It has uncomfortable echoes of current Labour politics. Today’s extract from Bower’s book charts how anti-Zionism became a near obsession for Corbyn since his early days as a trades union researcher, leading him to believe in what Bower describes as ‘the malign collective power of Jews’.
The company Corbyn keeps is significant. Quite aside from welcoming bloodthirsty terror groups such as Hamas and Hezbollah, he has played host to Raed Salah, the leader of the Islamic Movement in Israel, a man who described Jews as ‘bacteria’. He has also accepted a £2,000 donation from a London-based Hamas sympathiser who applauded the stabbing of Jews. Corbyn refuses to say what he has done with the money.
The Shadow Chancellor (pictured today) was accused of ‘blackening the name’ of the country’s ‘greatest hero’ in comments made during an interview in Westminster
It is true that all political parties have their own myths, but McDonnell could easily have educated himself over Labour’s rewriting of the past. A more honest appraisal would have been to acknowledge that Churchill’s role in defying and subsequently defeating Fascism in the Second World War made him a hero, regardless of any villainous role he played (or in this case did not play) in industrial relations before the First World War.
But then the Marxist Left has long loathed Churchill. In his seminal Winston Churchill: Myth And Reality, historian Richard Langworth points out that even following Churchill’s death in 1965, Labour Prime Minister Harold Wilson found it necessary to remind Parliament of ‘the sullen feet of marching men in Tonypandy’.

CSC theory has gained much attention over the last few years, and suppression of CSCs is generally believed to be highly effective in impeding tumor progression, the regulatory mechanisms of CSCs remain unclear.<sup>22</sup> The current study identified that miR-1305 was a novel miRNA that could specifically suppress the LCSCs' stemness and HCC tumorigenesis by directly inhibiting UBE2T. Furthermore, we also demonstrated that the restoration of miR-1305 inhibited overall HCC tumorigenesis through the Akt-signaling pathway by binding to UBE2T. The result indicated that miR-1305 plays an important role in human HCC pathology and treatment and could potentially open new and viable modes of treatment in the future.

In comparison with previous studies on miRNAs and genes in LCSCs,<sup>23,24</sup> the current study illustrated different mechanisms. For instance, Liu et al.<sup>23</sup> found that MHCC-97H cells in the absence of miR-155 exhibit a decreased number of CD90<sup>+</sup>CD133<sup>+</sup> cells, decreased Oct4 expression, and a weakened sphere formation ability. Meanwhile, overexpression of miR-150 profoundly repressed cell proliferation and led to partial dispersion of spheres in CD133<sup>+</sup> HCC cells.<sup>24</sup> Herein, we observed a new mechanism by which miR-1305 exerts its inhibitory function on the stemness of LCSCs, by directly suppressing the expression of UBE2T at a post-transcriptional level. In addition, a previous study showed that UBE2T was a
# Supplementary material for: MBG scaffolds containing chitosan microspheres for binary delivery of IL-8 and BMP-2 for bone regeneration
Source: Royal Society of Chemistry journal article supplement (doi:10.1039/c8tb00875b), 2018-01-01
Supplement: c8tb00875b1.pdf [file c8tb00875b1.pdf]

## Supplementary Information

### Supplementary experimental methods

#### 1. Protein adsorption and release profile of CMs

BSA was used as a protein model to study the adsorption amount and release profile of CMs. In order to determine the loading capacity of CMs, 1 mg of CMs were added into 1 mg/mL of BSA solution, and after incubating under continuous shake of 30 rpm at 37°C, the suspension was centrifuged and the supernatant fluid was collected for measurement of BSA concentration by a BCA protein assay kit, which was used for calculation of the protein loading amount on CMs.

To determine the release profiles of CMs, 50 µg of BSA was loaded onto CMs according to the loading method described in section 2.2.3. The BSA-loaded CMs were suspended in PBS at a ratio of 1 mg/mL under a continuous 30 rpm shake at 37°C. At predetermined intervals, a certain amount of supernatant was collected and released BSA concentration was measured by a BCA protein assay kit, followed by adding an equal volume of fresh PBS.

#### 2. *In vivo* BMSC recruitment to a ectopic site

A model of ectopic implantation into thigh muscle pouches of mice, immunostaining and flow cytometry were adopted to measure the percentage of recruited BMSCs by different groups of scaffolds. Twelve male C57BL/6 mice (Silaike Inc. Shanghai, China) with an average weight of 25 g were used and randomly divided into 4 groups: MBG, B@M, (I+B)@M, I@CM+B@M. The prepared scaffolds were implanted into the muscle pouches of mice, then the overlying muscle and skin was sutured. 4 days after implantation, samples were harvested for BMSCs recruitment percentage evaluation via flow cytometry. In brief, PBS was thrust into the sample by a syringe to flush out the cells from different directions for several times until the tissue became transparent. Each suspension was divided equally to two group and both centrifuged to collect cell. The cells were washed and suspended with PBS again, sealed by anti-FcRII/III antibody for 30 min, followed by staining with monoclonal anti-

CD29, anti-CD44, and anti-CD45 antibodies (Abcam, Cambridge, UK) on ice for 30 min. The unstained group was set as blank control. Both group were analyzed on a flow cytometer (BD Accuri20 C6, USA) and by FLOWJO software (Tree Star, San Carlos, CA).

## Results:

Churchill was the earliest and most staunch opponent of the Leninists after their revolution in Russia in 1917, and wanted to use British troops to ‘strangle Bolshevism in its cradle’. He also denounced the Nazi-Soviet Pact of August 1939, which McDonnell and Corbyn’s political heroes on the British Marxist Left supported at the time, only changing their minds when Hitler invaded Russia in June 1941.
THE great Labour leaders of the past – giants such as Clement Attlee and Herbert Morrison, who served Churchill honourably in the coalition that defeated Hitler – must be turning in their graves to hear John McDonnell call their noble wartime leader a villain.
For McDonnell to have such a distorted warped view of history should tell the British people all they need to know about the man who might be even more powerful than the Prime Minister after the next General Election.
Protest: Miners who were locked out of a Welsh pit in Aug 1910, leading to a bitterest disputes
McDonnell and Corbyn stand in a long line of ruthless hard-Left operators deploying notorious communist tactics. As last week’s extracts from Bower’s biography made clear, Corbyn – with McDonnell at his back – has adopted a Leninist blueprint for taking and controlling power at Westminster, while playing the ‘nice guy’. Seize power, purge and crush dissent – this has been his guiding philosophy.
Since assuming the Labour leadership, Corbyn’s office has campaigned relentlessly against opponents – opponents, that is, in his own party. From his earliest days as a councillor in the ‘loony Left’ borough of Haringey, Corbyn has detested disagreement. There, he encouraged activists to do his dirty work for him.
In one telling episode, Ken Livingstone told Corbyn he was ‘too nice’ to be Labour leader. ‘No one’s scared of you,’ he said. ‘John McDonnell will do all the scary stuff,’ was Corbyn’s blunt response.
We have been warned.
As for Labour moderates thinking of leaving the party, I would urge them to use this opportunity to take – in the words of Winston Churchill – ‘action this day’.
Andrew Roberts’s Churchill: Walking With Destiny is published by Allen Lane